China facing tricky monetary task as it adjusts to current growth
The Washington Post News Service
May 5, 2015 (c) 2015, The Washington Post.
China has had 35 years of hypergrowth, but now it's over. The country is going to have to settle for really, really good growth instead.
But that's still going to be hard now that fewer Chinese are working age, fewer people are moving to the cities and, most of all, now that China has a debt bubble it's trying to deflate without bursting its whole economy. That has left the central bank, the People's Bank of China (PBOC), in the awkward position of trying to help the parts of the economy that need it without helping the rest too much.
Specifically, the PBOC will let banks loan out more of their money and give them cheap loans in return for local government debt. This sure looks like China is stepping on the monetary gas to try to keep its economic growth, which has slowed to a six-year low of 7 percent (if that), from slowing any further. But it's a little more complicated than that — as if monetary policy with Chinese characteristics wasn't already confusing enough.
Monetary policy is usually pretty simple. The central bank raises rates when it wants to cool the economy off and cuts rates when it wants to heat the economy up. But there are a couple more steps in China because of its dollar peg. Think about it like this: China not only wants to keep its currency, the renminbi, worth the same amount of dollars — albeit with a little wiggle room — it also wants to keep the renminbi worth the same amount of dollars after inflation. That's how it subsidizes its exports.
This last part is tricky, though. There were so many dollars coming into China, from trade and investment, that the PBOC had to print a lot of renminbi to keep the currency's value from going up. And that was a problem, since all that new money might have meant more inflation if it got out into the economy. So, to stop that from happening, the PBOC told banks that they couldn't lend as much money out — by raising their reserve requirement ratio (RRR). In other words, China printed money to prevent its currency from going up and then told banks they had to sit on that money to prevent inflation from going up.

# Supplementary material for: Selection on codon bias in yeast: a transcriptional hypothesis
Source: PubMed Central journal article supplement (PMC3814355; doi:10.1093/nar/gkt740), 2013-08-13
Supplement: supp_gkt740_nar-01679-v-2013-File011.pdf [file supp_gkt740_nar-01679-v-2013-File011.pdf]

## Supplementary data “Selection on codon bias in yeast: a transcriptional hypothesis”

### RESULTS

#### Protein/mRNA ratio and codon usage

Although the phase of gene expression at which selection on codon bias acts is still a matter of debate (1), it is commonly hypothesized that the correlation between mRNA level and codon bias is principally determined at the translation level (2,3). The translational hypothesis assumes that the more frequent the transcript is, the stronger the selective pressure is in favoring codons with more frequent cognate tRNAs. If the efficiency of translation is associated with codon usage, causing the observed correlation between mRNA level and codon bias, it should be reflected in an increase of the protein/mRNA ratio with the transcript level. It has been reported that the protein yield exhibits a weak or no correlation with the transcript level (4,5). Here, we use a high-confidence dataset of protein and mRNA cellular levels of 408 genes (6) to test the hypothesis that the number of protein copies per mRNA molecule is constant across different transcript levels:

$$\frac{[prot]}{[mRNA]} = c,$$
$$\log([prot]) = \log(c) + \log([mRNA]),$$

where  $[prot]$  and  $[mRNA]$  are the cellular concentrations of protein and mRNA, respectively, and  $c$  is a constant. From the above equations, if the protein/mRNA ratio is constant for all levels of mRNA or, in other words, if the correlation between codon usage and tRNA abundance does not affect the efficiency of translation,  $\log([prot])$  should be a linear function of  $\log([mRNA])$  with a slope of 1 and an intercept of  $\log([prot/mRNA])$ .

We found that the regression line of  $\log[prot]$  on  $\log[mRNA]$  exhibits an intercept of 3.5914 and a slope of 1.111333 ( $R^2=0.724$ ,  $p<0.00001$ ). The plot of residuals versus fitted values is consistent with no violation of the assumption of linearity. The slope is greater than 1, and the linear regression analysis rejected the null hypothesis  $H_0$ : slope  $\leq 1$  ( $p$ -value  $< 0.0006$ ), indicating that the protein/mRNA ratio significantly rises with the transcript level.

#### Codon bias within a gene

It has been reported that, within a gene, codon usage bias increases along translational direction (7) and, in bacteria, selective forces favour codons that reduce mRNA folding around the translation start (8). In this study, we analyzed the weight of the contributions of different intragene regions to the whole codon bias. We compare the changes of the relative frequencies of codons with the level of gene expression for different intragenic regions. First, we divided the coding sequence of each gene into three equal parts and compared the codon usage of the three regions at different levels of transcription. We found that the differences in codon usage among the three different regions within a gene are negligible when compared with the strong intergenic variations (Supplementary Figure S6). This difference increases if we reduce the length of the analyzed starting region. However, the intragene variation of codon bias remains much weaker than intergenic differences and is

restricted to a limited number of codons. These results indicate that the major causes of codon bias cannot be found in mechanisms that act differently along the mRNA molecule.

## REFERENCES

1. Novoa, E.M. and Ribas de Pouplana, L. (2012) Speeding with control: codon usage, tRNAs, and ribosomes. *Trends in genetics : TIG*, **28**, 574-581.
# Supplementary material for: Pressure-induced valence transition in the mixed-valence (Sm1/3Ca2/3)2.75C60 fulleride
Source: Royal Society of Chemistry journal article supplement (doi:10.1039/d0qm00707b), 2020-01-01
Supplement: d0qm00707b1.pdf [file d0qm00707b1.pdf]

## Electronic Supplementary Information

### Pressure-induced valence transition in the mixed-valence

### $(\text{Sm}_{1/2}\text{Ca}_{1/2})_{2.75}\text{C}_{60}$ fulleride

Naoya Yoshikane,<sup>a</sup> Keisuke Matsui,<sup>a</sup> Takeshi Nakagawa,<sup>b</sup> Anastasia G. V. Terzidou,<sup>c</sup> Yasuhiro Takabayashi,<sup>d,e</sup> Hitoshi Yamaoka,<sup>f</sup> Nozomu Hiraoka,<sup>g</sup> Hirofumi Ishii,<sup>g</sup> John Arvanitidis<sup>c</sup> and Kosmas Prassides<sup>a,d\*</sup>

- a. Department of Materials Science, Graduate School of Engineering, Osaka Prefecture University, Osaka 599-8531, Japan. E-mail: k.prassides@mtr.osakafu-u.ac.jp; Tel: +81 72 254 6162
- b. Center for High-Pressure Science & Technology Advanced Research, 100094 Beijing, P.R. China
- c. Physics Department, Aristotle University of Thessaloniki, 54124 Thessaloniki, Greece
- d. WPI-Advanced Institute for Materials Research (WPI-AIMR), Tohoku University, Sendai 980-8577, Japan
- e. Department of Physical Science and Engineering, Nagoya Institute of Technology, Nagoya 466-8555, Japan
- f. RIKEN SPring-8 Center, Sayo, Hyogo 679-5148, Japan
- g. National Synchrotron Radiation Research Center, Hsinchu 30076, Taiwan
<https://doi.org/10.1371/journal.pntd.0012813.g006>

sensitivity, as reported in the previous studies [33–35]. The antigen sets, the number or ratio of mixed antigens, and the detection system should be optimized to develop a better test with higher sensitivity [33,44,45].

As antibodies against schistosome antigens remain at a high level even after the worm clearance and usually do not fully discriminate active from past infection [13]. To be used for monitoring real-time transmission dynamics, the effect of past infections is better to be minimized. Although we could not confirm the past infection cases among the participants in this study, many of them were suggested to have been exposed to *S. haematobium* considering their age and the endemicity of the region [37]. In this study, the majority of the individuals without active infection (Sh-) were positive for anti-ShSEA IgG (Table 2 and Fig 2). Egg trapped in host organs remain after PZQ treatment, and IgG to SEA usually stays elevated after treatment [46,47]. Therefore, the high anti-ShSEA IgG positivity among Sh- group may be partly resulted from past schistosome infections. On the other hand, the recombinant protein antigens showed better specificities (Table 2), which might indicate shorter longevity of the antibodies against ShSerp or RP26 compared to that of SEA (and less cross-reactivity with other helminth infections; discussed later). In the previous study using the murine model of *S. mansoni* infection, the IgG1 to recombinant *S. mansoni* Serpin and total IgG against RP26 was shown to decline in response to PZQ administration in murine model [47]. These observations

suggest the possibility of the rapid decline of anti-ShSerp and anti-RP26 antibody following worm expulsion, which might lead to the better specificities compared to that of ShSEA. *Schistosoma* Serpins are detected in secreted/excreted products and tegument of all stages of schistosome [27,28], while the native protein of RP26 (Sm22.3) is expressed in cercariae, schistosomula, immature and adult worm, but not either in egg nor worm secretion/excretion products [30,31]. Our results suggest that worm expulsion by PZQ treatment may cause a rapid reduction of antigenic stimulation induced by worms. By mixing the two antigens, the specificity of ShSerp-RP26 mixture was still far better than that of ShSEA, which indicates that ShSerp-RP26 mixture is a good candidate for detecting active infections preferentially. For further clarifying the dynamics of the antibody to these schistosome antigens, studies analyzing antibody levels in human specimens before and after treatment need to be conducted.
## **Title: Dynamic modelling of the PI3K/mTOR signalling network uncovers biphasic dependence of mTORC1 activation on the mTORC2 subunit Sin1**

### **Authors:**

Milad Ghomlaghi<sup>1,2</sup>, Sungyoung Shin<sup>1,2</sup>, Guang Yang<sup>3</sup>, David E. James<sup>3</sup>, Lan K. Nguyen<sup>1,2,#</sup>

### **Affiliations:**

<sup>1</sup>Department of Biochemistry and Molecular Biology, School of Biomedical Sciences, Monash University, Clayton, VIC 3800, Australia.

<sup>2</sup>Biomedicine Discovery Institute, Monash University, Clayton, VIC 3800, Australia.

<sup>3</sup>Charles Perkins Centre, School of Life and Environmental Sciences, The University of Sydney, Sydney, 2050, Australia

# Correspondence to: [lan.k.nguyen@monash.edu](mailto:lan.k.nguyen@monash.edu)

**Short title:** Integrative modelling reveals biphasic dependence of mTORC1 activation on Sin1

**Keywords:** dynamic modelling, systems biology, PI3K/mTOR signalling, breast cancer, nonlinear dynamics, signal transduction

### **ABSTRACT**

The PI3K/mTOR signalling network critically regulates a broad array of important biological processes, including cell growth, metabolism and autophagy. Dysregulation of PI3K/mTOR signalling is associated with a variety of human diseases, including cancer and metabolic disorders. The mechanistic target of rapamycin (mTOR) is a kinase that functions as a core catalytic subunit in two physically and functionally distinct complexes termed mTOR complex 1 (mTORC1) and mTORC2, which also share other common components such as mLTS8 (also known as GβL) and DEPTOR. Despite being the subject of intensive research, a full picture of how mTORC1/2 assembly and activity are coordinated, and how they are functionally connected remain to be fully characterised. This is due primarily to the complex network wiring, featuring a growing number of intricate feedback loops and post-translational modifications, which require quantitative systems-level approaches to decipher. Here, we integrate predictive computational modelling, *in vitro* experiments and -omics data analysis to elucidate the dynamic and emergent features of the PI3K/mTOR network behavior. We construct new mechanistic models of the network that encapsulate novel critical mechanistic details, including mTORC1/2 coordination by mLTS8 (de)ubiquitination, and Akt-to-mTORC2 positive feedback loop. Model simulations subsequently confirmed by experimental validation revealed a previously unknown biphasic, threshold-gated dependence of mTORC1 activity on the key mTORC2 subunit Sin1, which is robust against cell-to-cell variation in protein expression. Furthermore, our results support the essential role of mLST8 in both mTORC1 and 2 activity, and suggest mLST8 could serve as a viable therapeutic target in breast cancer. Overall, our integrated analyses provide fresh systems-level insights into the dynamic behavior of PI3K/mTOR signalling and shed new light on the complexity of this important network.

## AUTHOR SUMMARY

But China isn't just trying to keep its currency at a level it wants. It's also trying to keep credit at a level it wants. That's why, as economist Mark Dow points out, the only way to tell whether China is tightening or loosening policy is to look at the total amount of loans being created. Sometimes there's so much money coming into the country that, even if China raises the RRR, it isn't really making money any tighter since the amount of credit is constant. But now, for the first time in a long time, the opposite is true. Enough money is leaving China that the nation has had to cut the RRR, which it's done more than expected, just to keep credit from falling.
It's worth thinking about this for a minute. When more money is leaving China than coming in, everything we talked about before goes into reverse. China isn't printing money to keep the renminbi down but rather spending its dollars to keep the renminbi up. And that means there isn't as much money to turn into loans — a passive monetary tightening — unless the PBOC says banks can lend more of what they do have.
China isn't cutting rates to try to make the economy grow more but instead to try to keep the economy growing as much as it already is. That might seem like just a word game, but it's not. China realizes that its economy is going to inevitably slow down, and it's not trying to fight that. It's just trying to keep it from happening all at once.
There's one last wrinkle. China not only tries to target the total amount of credit but also the kind of credit. That was easy enough when government officials could tell state-owned banks to lend and bully private ones into lending to whomever they wanted them to. But it's harder now that those banks have the freedom to say no to deals that don't look good, such as buying local government debt. Local governments borrowed so much over the past seven years that, because they rely on land sales for revenue, they could pay back what they owed only as long as property prices were rising. They're not now, though. In fact, housing prices are falling. It's gotten bad enough that local governments have started buying land from themselves to try to prop up prices and keep revenue coming in.
So the PBOC has tried to get banks interested by saying it will let them use local government bonds as collateral for cheap loans that they then have to relend to small businesses. The idea is to create demand for debt that nobody wants — but that needs to be rolled over — while nudging the banks to lend to whom officials want. In other words, the PBOC is subsidizing the banks that buy local government bonds by giving them all-but-guaranteed profits lending to small businesses. It's not so much monetary easing as monetary targeting.
If this strategy misses the mark, China's growth miracle isn't going to be much of one for much longer.